What I can say is that if I was the sole inhabitant of a small planet and was presented with the same set of data and scientific opinion that we see here on Earth, I would definitely be dialing back my C02 production.

            • skylien says:

              “Heller and Watts seem to have some odd ideas that are easily disproved.”

              Which ones? And does that mean everything else they say is wrong? I guess not.

              James Hansen said the Maledives should be under Water in 30 years, but he said that in 1988! So the Maledives should have been gone 2 years ago. That is defintiely odd, and it was easy to disprove.

              “I would definitely be dialing back my C02 production.”

              The problem with this is ( and it seems too many proponents of CO2 is bad for us miss this) that what is if you are wrong?

              Dialing back CO2 means you reduce the living standard, you increase poverty,-> This kills people! Cheap energy is the number one issue to lift people out of a miserable life.

              Also not just in poor countries this is a problem. Decreasing CO2 also in the west means people die who wouldn’t otherwise.E.g. it means less hospitals, less doctors, less MRIs etc..Less funds for research of cancer etc..

              So what this means is. To safe people, you are willing to kill people. But if you are wrong you are only killing people and reduce peoples living standard. And even if you werer right, how do you determine this “trade off”? That is not even possible.

              • skylien says:

                One remark/correction: The Maledive prediction wasn’t made by James Hanse directly but by Philip Shabecoff who based this one James Hansen’s numbers.

              • Transformer says:

                ‘what [] if you are wrong?’

                You are correct and if we limit C02 production unnecessarily then utility is reduced and at the margin people may die. If however there is a trade off between near-term C02 production and longer-term dis-utility then even after applying the necessary discounting reductions in C02 may increase utility and (and save lives!).

                My view is that given the current data and balance of scientific opinion the later case is much more likely than the former. Of course the existence of states and their domination of the decision-making process makes things more complicated and increases the risks to all of us – but that doesn’t change the science.

              • Harold says:

                “Heller and Watts seem to have some odd ideas that are easily disproved.”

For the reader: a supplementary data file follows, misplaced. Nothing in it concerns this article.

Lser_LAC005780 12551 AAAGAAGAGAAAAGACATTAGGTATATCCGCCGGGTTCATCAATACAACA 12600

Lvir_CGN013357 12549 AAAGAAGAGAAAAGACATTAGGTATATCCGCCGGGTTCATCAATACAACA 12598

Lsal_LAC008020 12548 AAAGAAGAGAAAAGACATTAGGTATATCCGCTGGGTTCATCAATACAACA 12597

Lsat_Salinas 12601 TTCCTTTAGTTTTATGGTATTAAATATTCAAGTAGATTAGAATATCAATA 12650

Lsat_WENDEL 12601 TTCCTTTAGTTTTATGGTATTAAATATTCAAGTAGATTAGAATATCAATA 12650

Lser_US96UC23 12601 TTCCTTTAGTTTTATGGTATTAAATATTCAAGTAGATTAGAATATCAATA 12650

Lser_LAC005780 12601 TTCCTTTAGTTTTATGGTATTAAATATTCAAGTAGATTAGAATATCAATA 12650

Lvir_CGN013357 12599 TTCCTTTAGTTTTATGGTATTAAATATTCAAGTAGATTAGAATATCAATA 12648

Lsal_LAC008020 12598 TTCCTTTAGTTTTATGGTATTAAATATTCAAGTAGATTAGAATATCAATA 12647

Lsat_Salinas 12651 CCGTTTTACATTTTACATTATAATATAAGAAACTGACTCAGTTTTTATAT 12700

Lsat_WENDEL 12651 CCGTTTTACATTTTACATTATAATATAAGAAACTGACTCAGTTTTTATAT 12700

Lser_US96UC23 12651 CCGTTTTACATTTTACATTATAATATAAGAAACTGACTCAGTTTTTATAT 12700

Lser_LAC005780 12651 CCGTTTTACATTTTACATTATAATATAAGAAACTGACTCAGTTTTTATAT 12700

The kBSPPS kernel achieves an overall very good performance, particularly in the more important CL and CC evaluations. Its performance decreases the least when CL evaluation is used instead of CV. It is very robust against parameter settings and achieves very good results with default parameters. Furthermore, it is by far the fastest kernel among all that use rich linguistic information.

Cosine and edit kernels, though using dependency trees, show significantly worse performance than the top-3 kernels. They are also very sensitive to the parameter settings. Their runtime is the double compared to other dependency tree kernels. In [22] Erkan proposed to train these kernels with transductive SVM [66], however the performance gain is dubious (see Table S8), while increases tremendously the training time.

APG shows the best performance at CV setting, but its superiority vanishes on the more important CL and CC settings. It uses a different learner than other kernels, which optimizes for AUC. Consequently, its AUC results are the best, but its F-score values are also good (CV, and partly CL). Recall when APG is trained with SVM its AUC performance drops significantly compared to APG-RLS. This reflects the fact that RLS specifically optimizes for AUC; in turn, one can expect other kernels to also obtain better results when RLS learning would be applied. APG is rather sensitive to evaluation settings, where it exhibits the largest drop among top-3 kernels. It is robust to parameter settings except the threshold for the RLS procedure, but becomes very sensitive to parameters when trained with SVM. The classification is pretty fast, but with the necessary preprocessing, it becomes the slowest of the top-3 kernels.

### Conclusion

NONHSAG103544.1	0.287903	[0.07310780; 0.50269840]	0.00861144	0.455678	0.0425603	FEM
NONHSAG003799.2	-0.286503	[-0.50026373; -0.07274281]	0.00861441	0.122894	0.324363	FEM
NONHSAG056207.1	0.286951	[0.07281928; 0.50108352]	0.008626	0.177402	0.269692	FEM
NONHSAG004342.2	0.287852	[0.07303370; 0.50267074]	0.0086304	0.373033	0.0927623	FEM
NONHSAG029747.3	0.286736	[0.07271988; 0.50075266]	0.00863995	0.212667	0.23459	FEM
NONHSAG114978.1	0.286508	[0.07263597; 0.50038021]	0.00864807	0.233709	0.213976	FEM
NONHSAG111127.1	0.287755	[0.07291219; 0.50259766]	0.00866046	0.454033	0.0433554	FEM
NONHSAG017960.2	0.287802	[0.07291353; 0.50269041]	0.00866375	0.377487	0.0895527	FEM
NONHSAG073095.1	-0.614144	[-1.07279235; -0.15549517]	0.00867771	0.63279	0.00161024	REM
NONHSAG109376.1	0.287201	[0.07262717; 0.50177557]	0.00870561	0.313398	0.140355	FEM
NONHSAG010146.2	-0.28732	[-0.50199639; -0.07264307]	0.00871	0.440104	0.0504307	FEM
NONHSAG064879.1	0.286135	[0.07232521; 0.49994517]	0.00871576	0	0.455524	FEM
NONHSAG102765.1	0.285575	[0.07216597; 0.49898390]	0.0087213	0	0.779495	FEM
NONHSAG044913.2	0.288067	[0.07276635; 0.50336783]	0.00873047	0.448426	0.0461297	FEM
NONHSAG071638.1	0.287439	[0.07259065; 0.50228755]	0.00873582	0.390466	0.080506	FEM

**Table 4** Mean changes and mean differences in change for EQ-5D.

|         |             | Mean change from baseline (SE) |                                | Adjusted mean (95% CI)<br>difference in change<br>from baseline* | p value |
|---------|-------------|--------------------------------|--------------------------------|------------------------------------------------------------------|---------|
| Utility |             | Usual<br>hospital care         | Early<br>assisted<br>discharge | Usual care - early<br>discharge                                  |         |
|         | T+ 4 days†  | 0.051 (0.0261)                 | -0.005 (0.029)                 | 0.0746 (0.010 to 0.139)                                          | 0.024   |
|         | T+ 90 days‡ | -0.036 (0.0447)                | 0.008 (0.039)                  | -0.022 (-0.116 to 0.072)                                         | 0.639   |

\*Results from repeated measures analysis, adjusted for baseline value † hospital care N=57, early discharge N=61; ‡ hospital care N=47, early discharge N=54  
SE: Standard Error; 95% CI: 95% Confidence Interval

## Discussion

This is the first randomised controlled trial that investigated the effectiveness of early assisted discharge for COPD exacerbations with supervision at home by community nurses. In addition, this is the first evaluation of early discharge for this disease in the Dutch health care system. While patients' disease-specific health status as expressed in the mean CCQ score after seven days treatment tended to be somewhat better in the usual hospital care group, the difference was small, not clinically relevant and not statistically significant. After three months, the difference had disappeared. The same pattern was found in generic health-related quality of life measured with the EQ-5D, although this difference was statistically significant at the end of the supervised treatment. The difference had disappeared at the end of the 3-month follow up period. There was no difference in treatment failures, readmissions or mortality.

Which ones? And does that mean everything else they say is wrong?

                Oh No! Don’t get me started on Heller! Seriously, a cursory critical look at his output should be sufficient to convince a reasonable person. Suffice to say that nothing Heller says should be taken seriously.

                Watts’ personal output is very sparse these days. He is best known as the host of WUWT. This is the most popular denialist site. There used to be reasonable discussion with contributions from alarmists, but their treatment by the commenters and Watts himself has led most to decide it is not worth the effort as reasonable discussion is impossible. Nick Stokes continues to provide a breath of sanity with informative and patient commentary.

                Watts fired Heller from WUWT after a particularly awful example of Heller’s inability to admit when he was wrong. Heller believed CO2 froze out of the air in Antarctica and despite being corrected by many people at WUWT he refused to budge.

              • skylien says:


                I don’t know any details about this yet. But that doesn’t sound worse then the Maledive issue, or the icefree Arctic etc though to me.

                All the other stuff that I have seen from him from Youtube seems pretty substantiated.

              • skylien says:

                Something wrong with this one?


              • Harold says:

                It takes a lot of effort to go through claims and un-pick them. Fortunately we do not have to do all the work ourselves. But if we are genuine truth seekers it is incumbent on us to examine the evidence.

                There is a good example in a series of videos by Potholer54 on Heller where Potholer unpicks Heller’s claims using evidence.

                The first is here, but I recommend watching Heller’s responses and all the follow-up ones also.


                I am fine with criticising the media for bad reporting, as long as it is done even-handedly. Where reports are wrong they should be corrected. This is very different from criticising climatologists for bad reporting.